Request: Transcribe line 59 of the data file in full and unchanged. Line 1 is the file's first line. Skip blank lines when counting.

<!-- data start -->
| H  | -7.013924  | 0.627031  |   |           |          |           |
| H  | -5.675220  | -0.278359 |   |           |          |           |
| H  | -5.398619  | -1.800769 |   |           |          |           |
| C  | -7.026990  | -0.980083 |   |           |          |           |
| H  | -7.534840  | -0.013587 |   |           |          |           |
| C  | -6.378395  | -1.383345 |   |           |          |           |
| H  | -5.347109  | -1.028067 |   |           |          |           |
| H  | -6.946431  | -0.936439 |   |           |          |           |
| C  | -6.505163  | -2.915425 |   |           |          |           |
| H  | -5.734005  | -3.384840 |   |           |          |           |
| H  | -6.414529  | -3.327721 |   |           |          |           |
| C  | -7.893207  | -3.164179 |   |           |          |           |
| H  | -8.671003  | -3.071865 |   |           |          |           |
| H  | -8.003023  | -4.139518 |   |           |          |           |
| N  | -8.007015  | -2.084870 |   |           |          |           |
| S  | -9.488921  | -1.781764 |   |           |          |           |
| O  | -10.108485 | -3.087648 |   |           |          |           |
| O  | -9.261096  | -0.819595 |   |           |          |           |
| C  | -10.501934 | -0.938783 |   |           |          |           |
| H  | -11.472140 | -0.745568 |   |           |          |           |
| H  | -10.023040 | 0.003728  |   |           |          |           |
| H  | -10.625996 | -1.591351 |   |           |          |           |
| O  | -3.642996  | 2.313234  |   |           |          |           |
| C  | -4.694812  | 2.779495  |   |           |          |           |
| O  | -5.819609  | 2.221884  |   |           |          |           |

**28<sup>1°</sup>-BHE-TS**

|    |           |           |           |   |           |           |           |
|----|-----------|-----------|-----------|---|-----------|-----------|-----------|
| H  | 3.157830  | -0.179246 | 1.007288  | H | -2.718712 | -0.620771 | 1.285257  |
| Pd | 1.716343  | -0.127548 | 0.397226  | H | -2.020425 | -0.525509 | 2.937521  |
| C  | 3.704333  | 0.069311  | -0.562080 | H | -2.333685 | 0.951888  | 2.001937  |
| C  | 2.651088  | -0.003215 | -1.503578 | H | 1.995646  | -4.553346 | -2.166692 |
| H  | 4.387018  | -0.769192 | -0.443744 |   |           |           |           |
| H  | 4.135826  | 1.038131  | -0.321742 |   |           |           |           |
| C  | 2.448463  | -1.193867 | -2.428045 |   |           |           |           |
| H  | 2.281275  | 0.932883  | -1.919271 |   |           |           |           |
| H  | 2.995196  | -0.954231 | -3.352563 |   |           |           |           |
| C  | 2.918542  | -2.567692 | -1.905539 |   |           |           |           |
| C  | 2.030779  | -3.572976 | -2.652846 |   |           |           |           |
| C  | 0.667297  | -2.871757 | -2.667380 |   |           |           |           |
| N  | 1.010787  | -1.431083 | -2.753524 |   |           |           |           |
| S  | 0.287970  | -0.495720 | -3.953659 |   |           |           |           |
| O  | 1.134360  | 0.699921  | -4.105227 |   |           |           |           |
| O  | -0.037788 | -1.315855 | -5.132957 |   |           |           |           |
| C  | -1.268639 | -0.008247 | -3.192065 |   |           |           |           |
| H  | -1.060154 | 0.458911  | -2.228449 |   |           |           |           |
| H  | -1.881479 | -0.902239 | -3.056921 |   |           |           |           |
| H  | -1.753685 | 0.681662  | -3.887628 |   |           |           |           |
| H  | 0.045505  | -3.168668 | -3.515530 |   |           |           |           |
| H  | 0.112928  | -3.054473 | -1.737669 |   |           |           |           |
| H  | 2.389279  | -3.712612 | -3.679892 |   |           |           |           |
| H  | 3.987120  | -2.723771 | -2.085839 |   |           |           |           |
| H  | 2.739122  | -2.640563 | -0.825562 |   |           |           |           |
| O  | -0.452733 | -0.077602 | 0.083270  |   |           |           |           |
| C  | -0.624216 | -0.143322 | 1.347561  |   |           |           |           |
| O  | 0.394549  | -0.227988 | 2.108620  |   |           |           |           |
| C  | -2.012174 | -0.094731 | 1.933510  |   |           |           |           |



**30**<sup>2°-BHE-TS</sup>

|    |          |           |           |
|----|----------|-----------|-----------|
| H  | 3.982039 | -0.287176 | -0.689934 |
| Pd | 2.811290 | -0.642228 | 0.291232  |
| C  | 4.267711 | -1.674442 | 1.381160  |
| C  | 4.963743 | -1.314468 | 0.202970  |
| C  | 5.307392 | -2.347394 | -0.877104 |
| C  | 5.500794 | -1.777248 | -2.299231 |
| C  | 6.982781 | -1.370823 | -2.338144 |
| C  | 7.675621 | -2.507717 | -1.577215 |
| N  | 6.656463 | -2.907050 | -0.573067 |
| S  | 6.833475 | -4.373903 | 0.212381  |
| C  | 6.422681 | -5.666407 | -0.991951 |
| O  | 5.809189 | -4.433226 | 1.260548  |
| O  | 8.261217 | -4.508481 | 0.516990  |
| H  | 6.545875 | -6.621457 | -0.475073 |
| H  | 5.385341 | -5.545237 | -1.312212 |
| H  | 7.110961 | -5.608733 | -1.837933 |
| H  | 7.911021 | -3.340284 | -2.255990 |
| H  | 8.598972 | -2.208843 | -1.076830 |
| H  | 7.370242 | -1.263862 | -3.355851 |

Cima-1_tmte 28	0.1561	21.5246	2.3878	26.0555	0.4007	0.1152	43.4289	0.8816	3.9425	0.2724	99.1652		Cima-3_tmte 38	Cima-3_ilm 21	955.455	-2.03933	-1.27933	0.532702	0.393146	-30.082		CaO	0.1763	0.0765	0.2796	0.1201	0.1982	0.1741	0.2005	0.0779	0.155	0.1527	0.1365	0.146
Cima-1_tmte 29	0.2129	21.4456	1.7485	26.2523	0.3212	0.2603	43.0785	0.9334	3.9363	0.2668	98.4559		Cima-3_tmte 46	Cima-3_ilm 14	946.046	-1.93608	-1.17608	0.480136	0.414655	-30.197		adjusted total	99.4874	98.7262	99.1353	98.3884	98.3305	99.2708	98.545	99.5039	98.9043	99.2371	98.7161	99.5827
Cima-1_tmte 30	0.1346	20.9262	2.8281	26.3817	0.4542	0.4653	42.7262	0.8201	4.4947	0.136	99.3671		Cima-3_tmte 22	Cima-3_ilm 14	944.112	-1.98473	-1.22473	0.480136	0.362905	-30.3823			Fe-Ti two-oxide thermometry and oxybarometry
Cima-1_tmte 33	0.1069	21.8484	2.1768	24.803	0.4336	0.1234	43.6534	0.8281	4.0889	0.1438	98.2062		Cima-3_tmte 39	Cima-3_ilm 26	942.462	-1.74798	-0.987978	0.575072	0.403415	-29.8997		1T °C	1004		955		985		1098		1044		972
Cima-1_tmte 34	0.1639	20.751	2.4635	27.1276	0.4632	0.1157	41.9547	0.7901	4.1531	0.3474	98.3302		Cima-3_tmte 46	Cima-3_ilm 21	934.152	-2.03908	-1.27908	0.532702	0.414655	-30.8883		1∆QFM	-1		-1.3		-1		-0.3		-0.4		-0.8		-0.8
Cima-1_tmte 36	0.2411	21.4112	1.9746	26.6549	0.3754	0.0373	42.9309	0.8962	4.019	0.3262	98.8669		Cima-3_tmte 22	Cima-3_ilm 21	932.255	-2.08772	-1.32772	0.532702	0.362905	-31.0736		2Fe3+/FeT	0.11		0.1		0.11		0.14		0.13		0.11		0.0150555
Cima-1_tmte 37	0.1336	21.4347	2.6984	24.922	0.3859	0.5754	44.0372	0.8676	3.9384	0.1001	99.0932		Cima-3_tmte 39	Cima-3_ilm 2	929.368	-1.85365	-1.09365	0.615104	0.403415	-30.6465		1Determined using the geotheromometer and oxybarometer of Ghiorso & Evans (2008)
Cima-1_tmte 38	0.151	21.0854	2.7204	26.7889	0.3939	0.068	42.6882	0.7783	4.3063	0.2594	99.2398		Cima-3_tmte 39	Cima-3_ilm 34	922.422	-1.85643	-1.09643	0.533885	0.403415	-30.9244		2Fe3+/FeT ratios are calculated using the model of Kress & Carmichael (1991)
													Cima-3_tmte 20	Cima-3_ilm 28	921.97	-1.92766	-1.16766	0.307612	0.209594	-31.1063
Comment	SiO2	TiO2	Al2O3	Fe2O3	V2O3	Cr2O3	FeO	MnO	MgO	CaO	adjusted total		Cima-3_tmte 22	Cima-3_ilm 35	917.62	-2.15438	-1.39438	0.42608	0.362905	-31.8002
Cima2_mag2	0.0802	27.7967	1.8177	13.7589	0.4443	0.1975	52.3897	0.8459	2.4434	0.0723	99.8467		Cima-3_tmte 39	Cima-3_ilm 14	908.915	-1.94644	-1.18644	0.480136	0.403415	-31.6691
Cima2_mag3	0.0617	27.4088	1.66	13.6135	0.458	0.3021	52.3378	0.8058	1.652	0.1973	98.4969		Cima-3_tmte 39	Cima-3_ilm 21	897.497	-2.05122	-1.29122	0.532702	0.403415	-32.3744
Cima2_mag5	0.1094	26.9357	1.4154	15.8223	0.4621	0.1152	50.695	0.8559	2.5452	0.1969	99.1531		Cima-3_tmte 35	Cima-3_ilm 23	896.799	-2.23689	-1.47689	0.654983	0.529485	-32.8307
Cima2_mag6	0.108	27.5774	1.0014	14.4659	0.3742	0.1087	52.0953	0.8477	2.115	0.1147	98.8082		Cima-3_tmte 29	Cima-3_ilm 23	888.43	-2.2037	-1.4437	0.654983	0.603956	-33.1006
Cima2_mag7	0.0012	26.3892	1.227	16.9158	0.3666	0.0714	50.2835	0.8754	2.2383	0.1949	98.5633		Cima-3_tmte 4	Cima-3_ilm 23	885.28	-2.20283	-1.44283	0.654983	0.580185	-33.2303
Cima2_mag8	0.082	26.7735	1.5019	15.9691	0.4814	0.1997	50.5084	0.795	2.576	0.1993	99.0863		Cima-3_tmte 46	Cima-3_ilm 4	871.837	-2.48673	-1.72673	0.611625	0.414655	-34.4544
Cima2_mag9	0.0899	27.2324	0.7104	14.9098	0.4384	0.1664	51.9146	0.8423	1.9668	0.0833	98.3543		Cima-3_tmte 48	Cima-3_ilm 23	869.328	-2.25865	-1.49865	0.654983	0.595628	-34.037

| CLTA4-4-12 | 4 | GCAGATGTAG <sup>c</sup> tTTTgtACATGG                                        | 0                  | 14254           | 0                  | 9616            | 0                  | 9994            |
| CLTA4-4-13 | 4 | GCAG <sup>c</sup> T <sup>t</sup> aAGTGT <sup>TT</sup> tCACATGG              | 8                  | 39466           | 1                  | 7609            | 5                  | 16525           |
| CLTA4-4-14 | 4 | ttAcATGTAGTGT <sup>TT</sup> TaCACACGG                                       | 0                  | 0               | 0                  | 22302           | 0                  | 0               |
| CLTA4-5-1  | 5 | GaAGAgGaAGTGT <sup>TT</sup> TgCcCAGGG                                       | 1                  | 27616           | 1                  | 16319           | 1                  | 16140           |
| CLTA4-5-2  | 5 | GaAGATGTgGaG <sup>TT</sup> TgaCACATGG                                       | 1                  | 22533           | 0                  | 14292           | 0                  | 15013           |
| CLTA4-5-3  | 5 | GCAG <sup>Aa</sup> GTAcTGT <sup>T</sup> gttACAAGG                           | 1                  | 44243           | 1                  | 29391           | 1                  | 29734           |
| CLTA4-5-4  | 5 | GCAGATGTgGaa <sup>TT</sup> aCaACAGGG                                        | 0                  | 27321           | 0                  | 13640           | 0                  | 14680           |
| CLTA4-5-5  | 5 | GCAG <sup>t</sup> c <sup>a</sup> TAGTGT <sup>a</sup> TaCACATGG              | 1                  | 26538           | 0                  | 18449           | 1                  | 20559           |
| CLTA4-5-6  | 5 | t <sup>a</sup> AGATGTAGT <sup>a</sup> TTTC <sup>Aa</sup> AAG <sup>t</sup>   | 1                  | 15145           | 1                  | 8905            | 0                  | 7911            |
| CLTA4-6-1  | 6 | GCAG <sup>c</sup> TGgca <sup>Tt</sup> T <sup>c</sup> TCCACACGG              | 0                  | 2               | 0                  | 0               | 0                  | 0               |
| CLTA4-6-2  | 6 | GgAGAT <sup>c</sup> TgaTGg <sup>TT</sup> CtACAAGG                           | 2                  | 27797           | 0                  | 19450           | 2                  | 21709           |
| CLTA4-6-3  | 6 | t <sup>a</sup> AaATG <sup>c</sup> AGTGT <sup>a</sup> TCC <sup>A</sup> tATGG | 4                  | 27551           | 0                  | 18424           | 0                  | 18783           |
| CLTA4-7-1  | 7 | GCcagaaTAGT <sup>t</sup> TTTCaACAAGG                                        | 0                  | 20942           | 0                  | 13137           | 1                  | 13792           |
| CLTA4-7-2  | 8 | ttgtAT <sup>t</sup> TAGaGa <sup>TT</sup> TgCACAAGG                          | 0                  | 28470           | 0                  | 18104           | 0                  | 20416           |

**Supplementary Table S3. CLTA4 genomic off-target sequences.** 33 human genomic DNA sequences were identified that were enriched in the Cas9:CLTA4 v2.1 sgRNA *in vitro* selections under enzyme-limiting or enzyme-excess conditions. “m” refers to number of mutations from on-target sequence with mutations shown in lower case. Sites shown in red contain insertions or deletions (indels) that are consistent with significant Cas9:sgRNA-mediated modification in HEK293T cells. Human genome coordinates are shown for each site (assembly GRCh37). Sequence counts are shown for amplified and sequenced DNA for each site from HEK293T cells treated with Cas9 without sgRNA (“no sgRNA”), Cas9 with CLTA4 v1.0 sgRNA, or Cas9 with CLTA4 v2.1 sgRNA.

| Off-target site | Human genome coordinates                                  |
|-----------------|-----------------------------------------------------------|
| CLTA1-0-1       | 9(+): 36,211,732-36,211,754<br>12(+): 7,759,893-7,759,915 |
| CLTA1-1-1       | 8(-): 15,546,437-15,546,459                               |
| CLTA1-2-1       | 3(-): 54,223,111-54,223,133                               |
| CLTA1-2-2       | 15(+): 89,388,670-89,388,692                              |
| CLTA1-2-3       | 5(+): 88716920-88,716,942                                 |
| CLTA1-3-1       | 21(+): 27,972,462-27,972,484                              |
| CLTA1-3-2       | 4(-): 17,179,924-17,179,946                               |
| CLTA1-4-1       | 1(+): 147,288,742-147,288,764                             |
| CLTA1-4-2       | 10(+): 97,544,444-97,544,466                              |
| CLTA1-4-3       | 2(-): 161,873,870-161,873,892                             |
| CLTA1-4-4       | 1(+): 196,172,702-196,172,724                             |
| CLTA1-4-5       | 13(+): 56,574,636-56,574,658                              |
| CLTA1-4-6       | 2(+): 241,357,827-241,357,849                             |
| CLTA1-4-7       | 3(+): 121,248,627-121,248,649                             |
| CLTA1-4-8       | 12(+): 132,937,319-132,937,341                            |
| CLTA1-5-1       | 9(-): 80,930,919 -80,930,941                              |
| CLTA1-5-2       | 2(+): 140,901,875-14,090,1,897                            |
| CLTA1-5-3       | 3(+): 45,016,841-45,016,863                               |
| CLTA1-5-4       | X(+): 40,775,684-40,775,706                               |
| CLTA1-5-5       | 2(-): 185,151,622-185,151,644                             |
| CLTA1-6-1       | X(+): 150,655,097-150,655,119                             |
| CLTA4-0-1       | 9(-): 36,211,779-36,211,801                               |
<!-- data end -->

|    |          |           |           |